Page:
Operation Rolling Thunder: The Bombing of North Vietnam


    Operation Rolling Thunder was the near continuous bombing campaign of the US military and the Vietnamese Airforce against North Vietnam during the Vietnam War.

    Airpower itself is far from controversial. It wins modern wars, and the US is its most prolific user. When the gods of aerial firepower hear the United States Armed Forces cries of summoning, their roaring peals of aggression do not cease-fire.

    Given that, we like to think of the service members behind the airstrikes as noble and just, but sometimes there is grey mixed into the black and white nature of war, often portrayed by American media.

    In essence, Rolling Thunder is the brainchild of the men in suits, in collaboration with the men in fatigues. By the operation’s end, the very nature of war will come into question. What is necessary? To what end? At what cost?

    The skies above the White House darken

    Years before Operation Rolling Thunder ran its first sortie, conditions in Vietnam were being set. The U.S. government knew of the communist threat to South Vietnam not long after World War II. From the moment Ho Chi Minh launched the August Revolution in 1945, US intelligence agencies watched the region.

    In response to the growing threat, the US increased its support for the anti-communist South Vietnamese in 1962. This came primarily through air support. The North Vietnamese were gaining viable strength. Consequently, morale in the South was low.

    Although the US was wary of entering a full-scale conflict, providing air support was a proper step in bolstering both the South Vietnamese anti-communist forces. (source)

    President Lyndon Johnson increased U.S. involvement in 1964 following the Gulf of Tonkin attack. To that effect, air support shifted from occasional strikes to regular sorties on targets.

    The Ho Chi Minh Trail

    Fire missions increased along the Ho Chi Minh Trail, a crucial web of ratlines used for troop movement and logistical support by the Viet Cong and the North Vietnamese. Johnson wanted to hit them where it hurt and disrupt their ability to move and flourish. In response, the communists rose to the occasion and increased their own attacks on the U.S., thus bringing America out of conventional combat hibernation.

    Given these points, a group of motives presented themselves before Johnson and his Defense Secretary, Robert McNamara. In consultation with the defense side of the house, and through the political weeds that grew outside the Pentagon’s walls, they created a plan.

    In due time, Operation Rolling Thunder grafted into the branches of war that were growing with prejudice.

    Ho Chi Minh and his crew on a pleasant beach stroll in France with some old school cool drip, 1945 (credit: flickr)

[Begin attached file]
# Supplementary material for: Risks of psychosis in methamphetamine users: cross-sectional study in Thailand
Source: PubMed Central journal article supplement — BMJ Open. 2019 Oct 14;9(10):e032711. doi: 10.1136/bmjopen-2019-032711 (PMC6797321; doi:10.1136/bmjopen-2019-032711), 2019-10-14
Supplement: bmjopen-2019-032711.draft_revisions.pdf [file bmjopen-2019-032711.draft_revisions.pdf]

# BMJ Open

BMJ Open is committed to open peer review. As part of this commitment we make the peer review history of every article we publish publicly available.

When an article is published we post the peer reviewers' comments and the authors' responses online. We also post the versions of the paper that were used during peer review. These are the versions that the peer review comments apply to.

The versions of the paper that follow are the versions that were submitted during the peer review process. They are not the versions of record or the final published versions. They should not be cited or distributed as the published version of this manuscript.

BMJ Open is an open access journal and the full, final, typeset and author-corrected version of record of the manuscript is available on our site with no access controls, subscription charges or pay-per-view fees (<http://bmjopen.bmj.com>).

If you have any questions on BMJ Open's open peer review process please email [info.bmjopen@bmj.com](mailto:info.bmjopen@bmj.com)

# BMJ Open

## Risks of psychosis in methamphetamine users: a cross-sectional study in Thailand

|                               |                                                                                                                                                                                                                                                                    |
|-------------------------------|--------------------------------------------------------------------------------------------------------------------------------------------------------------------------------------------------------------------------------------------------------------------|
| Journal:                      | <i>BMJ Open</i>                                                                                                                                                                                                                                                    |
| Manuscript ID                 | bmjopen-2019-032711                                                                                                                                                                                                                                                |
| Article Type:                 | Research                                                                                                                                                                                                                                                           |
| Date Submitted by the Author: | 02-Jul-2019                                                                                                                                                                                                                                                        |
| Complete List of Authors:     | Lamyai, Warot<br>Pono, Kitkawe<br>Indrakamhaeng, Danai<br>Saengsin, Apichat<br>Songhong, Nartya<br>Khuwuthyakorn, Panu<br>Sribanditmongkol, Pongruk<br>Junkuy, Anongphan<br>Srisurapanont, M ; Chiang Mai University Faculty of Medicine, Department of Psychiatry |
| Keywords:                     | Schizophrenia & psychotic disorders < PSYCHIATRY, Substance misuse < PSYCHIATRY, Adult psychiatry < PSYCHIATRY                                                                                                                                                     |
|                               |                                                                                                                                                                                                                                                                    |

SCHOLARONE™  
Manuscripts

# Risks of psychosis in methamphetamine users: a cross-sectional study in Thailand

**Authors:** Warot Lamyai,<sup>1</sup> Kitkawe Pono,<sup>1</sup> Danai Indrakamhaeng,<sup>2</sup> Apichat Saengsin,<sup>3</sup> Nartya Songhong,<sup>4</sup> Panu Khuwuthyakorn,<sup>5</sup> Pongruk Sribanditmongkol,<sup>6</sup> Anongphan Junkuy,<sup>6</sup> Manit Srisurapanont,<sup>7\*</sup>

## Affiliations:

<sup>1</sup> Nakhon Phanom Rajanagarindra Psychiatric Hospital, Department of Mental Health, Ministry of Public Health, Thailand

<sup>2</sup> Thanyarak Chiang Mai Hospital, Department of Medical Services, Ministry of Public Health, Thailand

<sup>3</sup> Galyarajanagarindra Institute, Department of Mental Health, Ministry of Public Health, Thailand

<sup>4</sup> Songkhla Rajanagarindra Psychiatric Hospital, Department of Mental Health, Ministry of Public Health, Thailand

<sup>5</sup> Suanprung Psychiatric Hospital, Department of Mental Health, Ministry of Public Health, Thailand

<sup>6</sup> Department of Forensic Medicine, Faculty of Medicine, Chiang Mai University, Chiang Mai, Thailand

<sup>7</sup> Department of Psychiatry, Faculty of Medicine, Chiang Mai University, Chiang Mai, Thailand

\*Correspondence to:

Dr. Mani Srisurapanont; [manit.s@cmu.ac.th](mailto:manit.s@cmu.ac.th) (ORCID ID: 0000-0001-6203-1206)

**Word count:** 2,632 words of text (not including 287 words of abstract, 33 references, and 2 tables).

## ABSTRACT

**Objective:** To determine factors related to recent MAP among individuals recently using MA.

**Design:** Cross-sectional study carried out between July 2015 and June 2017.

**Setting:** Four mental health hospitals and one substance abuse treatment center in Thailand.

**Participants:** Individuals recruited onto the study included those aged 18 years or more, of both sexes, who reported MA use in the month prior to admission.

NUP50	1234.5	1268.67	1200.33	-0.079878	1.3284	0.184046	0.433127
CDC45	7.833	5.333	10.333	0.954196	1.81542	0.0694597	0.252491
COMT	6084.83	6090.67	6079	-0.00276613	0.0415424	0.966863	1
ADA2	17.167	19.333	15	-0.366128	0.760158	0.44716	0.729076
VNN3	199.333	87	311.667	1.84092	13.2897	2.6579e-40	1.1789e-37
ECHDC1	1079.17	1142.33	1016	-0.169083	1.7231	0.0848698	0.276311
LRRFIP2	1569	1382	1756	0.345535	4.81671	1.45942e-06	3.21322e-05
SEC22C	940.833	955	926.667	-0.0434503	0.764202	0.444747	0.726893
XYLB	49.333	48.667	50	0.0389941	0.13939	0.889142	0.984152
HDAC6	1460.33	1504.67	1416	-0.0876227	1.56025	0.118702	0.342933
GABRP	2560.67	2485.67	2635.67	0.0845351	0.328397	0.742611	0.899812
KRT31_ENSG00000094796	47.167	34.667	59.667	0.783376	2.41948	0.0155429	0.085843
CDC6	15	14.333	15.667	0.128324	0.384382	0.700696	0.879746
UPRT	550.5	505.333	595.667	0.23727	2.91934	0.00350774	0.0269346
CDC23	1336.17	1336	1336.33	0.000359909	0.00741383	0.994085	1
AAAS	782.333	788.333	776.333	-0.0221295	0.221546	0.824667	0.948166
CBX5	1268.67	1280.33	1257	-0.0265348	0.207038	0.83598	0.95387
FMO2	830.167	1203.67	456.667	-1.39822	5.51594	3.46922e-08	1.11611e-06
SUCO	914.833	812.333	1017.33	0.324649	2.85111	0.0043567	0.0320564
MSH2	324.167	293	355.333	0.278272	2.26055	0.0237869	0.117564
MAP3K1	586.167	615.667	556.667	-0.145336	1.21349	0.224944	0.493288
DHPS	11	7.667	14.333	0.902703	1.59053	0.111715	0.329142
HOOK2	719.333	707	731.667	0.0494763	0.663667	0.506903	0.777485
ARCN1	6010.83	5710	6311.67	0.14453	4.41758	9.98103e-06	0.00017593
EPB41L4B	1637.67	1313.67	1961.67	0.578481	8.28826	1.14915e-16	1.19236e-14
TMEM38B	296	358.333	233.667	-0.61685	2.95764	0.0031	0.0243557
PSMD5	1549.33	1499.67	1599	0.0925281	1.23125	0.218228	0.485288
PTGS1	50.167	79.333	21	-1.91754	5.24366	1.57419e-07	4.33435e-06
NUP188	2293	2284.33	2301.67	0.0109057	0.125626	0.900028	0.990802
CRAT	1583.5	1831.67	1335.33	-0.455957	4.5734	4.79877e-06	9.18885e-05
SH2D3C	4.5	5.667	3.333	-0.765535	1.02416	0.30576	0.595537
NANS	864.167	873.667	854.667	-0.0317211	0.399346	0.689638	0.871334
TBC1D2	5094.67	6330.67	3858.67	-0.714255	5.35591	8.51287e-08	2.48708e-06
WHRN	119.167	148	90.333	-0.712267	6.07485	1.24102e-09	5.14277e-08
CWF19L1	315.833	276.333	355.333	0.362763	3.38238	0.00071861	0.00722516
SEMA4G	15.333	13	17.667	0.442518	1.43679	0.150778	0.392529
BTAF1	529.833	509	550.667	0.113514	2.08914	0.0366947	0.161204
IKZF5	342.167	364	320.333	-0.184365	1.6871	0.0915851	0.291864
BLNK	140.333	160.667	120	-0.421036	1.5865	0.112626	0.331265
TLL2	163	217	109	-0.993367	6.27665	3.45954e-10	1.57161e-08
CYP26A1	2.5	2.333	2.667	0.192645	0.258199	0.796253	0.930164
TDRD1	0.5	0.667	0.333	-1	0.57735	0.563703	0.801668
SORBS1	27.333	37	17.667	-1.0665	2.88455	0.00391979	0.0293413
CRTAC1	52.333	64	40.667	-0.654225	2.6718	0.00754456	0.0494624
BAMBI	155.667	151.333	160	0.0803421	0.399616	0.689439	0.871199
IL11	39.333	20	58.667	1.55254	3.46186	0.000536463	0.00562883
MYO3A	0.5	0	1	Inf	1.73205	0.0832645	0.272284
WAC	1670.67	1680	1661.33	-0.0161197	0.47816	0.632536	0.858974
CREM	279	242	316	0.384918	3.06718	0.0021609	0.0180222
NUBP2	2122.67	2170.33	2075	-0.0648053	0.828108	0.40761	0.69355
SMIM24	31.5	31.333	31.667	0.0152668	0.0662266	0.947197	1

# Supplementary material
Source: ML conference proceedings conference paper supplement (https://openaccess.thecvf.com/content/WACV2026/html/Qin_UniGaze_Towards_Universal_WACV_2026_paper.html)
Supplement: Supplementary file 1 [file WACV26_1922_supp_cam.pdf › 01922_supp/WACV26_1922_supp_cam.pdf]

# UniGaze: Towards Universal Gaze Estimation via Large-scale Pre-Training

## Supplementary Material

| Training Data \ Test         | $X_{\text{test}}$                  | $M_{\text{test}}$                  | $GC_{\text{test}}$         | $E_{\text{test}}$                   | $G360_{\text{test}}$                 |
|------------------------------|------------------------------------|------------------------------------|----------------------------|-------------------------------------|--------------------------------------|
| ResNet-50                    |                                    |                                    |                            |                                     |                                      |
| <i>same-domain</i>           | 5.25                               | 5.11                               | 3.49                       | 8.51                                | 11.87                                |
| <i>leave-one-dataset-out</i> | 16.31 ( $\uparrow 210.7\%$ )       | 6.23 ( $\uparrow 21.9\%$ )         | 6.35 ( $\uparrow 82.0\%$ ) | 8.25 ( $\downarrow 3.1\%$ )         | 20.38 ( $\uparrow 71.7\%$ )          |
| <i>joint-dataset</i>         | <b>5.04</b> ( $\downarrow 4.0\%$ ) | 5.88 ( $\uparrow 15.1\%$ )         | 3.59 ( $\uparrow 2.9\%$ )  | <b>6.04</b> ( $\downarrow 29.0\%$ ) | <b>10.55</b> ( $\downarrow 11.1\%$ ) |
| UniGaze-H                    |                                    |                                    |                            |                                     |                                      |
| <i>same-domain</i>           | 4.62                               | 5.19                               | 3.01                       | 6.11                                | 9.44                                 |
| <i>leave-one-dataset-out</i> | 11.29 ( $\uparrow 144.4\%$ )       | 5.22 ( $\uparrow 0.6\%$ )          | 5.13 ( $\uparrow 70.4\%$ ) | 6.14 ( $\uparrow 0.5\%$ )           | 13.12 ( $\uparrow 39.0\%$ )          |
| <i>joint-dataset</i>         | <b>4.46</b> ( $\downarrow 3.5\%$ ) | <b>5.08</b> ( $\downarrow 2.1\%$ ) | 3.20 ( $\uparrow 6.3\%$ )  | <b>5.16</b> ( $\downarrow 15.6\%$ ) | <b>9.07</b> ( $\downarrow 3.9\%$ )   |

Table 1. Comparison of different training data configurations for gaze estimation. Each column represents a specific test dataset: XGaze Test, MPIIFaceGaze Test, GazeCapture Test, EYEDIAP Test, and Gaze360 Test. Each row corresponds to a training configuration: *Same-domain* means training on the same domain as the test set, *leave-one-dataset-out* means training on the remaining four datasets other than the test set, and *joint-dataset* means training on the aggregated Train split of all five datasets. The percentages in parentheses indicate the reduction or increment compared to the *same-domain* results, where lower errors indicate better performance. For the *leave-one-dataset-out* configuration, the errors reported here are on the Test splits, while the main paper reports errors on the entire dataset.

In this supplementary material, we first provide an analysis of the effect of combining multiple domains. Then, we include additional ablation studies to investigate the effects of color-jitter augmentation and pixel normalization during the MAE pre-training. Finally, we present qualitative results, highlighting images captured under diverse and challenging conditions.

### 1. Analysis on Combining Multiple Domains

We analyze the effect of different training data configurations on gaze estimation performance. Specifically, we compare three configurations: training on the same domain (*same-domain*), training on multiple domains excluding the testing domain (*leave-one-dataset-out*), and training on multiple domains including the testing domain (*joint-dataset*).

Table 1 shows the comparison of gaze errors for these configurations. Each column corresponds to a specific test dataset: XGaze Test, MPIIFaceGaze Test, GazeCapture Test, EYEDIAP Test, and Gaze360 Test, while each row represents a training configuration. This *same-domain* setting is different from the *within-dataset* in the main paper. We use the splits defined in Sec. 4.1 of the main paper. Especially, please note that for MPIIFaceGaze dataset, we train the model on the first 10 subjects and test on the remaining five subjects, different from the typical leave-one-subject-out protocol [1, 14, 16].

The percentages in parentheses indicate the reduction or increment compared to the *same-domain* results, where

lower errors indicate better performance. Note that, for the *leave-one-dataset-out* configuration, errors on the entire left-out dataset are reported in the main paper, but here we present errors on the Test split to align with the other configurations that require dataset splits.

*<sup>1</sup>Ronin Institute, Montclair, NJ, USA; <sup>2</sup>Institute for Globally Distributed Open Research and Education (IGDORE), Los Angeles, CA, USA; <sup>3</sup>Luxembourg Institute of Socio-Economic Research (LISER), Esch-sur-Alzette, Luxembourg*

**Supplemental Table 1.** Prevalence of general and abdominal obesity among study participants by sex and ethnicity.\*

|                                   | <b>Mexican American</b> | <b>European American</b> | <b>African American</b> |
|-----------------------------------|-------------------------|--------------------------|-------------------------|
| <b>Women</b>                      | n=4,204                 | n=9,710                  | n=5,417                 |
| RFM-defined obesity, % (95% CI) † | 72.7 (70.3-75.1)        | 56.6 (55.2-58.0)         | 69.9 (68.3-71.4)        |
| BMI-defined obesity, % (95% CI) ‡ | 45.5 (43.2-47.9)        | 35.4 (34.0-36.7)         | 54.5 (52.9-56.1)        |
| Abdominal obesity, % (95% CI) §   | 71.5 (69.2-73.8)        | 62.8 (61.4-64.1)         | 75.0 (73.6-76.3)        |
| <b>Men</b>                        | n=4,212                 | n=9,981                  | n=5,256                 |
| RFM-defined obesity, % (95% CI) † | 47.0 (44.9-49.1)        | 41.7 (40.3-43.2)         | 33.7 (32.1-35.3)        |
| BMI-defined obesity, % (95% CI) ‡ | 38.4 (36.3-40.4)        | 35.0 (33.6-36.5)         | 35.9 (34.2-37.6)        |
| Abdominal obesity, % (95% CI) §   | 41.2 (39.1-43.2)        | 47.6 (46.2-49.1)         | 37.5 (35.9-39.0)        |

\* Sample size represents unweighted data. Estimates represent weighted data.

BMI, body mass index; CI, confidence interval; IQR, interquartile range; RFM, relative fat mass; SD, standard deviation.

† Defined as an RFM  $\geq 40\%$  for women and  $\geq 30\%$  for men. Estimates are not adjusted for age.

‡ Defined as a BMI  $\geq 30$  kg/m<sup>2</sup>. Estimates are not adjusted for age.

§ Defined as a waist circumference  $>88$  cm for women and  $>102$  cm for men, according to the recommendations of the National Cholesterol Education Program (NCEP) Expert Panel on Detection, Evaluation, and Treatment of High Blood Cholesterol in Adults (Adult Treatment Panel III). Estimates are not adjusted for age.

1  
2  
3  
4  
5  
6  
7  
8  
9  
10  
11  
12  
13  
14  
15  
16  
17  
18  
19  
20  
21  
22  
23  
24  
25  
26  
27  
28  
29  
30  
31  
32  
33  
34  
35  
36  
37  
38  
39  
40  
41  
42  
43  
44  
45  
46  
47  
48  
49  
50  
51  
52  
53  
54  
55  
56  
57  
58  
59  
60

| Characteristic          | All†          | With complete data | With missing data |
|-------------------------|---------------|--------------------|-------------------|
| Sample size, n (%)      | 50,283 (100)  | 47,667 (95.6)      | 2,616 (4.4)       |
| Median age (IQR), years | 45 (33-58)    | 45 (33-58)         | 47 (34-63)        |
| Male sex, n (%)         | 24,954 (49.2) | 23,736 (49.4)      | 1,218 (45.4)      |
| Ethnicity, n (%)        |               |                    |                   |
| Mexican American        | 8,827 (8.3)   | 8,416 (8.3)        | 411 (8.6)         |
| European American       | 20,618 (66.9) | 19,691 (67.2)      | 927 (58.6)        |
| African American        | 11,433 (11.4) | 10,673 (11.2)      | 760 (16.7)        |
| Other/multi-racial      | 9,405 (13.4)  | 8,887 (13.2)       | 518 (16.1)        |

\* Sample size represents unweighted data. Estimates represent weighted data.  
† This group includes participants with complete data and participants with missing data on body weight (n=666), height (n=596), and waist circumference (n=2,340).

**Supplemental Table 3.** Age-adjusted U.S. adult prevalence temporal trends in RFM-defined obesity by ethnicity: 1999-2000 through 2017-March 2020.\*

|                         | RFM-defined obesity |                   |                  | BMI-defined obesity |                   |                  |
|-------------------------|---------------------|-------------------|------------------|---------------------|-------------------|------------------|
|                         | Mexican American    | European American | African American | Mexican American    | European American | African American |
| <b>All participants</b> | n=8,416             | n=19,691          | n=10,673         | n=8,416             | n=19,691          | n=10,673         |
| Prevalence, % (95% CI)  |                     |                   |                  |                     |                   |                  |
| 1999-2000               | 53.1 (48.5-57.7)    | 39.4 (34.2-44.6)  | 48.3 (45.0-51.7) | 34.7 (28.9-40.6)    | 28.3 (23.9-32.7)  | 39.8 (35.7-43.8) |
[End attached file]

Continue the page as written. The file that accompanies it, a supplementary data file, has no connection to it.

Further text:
Operation Rolling Thunder

    Operation Rolling Thunder was a large-scale air assault with multiple purposes and targets. In contrast to the textbook “shock and awe” approach to air, the benefactors performed a more gradual escalation.

    President Johnson’s personal writing after the war revealed his mindset leading up to Rolling Thunder. In his eyes, bombs were “political resources for negotiating a peace.” Planes and munitions were “carrots for the South, strengthening the morale of the South Vietnamese and pushing them to clean up their corrupt house.”

    Also, for the North, bombs were “sticks,” intended on “pressuring North Vietnam to stop its aggression against the South.” (source)

    Operational Phases

    The operation began on the 2nd of March 1965 and concluded on Halloween 1968. Five distinct phases took place, each with their own goals: (source)

    • Phase I (March-June 1965): Targets were broad and plenty, including troop housing, logistical supply depots, and communication nodes. The goal end-state was to achieve a North Vietnamese surrender out of the imagined fear instilled by a coordinated aerial bombardment. To the planning tables’ dismay, the enemy was determined. Phase I ended up being a steroid shot into its bloodstream, and they constructed elaborate air defense systems throughout their territories.
    • Phase II (July 1965-January 1966): Targets expanded to larger pieces of infrastructure, primarily the kind that enabled troop transport and their included systems (seacraft, land craft, bridges, major roads). The communists continued to survive and fight, resilient as ever.
    • Phase III (January 1966-October 1966): Targets expanded to petroleum, oil, and lubricants (POL)—specifically the resource depots themselves. Such attacks had been relatively successful in World War II, with POL being a crucial element for a modern force. (source) The resolve of the communist forces remained, and their will to fight was present.
    • Phase IV (October 1966-May 1967): Targets expanded to large pieces of key infrastructure, particularly industrial faculties, and power plants. Sorties also struck Hanoi, Vietnam’s capital. In effect, the enemy persisted.